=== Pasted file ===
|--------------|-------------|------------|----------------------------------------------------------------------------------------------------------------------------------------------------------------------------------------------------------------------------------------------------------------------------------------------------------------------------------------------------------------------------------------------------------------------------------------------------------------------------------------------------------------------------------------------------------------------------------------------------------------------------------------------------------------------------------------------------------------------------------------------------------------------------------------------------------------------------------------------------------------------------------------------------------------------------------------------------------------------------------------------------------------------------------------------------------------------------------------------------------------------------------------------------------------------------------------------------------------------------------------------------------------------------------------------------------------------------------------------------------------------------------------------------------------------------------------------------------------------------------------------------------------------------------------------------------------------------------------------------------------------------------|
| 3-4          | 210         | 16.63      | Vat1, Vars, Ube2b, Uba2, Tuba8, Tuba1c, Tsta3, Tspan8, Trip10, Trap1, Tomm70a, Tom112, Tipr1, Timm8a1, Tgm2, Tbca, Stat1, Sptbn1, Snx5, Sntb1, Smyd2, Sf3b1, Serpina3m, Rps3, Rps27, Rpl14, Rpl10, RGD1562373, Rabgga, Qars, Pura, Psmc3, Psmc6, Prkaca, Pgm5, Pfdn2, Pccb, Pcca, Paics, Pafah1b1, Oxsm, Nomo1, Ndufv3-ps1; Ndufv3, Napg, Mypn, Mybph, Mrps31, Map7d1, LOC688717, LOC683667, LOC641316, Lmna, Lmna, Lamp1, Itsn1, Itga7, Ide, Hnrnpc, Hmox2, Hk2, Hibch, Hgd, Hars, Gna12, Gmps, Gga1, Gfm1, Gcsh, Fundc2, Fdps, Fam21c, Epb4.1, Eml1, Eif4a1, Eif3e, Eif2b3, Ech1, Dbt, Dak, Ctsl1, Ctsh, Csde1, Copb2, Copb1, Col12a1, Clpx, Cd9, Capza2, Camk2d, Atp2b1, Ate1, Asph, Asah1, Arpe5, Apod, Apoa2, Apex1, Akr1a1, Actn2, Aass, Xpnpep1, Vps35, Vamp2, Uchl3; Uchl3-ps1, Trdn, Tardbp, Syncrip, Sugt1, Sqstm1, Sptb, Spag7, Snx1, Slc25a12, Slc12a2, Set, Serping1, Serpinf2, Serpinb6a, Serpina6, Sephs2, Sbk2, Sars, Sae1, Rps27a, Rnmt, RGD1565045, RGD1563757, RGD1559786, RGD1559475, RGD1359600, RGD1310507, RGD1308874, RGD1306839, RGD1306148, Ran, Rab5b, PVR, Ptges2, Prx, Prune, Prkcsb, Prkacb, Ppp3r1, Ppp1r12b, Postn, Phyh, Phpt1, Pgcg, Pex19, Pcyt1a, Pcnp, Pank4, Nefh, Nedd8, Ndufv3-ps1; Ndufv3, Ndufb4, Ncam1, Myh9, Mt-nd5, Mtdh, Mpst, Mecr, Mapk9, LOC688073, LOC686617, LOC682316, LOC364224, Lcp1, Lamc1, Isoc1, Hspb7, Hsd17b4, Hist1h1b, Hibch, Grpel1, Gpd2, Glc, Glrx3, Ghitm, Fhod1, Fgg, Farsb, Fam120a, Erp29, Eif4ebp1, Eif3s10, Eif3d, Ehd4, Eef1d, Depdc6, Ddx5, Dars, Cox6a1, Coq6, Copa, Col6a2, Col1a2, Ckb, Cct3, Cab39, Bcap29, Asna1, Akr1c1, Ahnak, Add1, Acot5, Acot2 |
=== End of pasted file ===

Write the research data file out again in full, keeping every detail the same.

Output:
|--------------|-------------|------------|----------------------------------------------------------------------------------------------------------------------------------------------------------------------------------------------------------------------------------------------------------------------------------------------------------------------------------------------------------------------------------------------------------------------------------------------------------------------------------------------------------------------------------------------------------------------------------------------------------------------------------------------------------------------------------------------------------------------------------------------------------------------------------------------------------------------------------------------------------------------------------------------------------------------------------------------------------------------------------------------------------------------------------------------------------------------------------------------------------------------------------------------------------------------------------------------------------------------------------------------------------------------------------------------------------------------------------------------------------------------------------------------------------------------------------------------------------------------------------------------------------------------------------------------------------------------------------------------------------------------------------|
| 3-4          | 210         | 16.63      | Vat1, Vars, Ube2b, Uba2, Tuba8, Tuba1c, Tsta3, Tspan8, Trip10, Trap1, Tomm70a, Tom112, Tipr1, Timm8a1, Tgm2, Tbca, Stat1, Sptbn1, Snx5, Sntb1, Smyd2, Sf3b1, Serpina3m, Rps3, Rps27, Rpl14, Rpl10, RGD1562373, Rabgga, Qars, Pura, Psmc3, Psmc6, Prkaca, Pgm5, Pfdn2, Pccb, Pcca, Paics, Pafah1b1, Oxsm, Nomo1, Ndufv3-ps1; Ndufv3, Napg, Mypn, Mybph, Mrps31, Map7d1, LOC688717, LOC683667, LOC641316, Lmna, Lmna, Lamp1, Itsn1, Itga7, Ide, Hnrnpc, Hmox2, Hk2, Hibch, Hgd, Hars, Gna12, Gmps, Gga1, Gfm1, Gcsh, Fundc2, Fdps, Fam21c, Epb4.1, Eml1, Eif4a1, Eif3e, Eif2b3, Ech1, Dbt, Dak, Ctsl1, Ctsh, Csde1, Copb2, Copb1, Col12a1, Clpx, Cd9, Capza2, Camk2d, Atp2b1, Ate1, Asph, Asah1, Arpe5, Apod, Apoa2, Apex1, Akr1a1, Actn2, Aass, Xpnpep1, Vps35, Vamp2, Uchl3; Uchl3-ps1, Trdn, Tardbp, Syncrip, Sugt1, Sqstm1, Sptb, Spag7, Snx1, Slc25a12, Slc12a2, Set, Serping1, Serpinf2, Serpinb6a, Serpina6, Sephs2, Sbk2, Sars, Sae1, Rps27a, Rnmt, RGD1565045, RGD1563757, RGD1559786, RGD1559475, RGD1359600, RGD1310507, RGD1308874, RGD1306839, RGD1306148, Ran, Rab5b, PVR, Ptges2, Prx, Prune, Prkcsb, Prkacb, Ppp3r1, Ppp1r12b, Postn, Phyh, Phpt1, Pgcg, Pex19, Pcyt1a, Pcnp, Pank4, Nefh, Nedd8, Ndufv3-ps1; Ndufv3, Ndufb4, Ncam1, Myh9, Mt-nd5, Mtdh, Mpst, Mecr, Mapk9, LOC688073, LOC686617, LOC682316, LOC364224, Lcp1, Lamc1, Isoc1, Hspb7, Hsd17b4, Hist1h1b, Hibch, Grpel1, Gpd2, Glc, Glrx3, Ghitm, Fhod1, Fgg, Farsb, Fam120a, Erp29, Eif4ebp1, Eif3s10, Eif3d, Ehd4, Eef1d, Depdc6, Ddx5, Dars, Cox6a1, Coq6, Copa, Col6a2, Col1a2, Ckb, Cct3, Cab39, Bcap29, Asna1, Akr1c1, Ahnak, Add1, Acot5, Acot2 |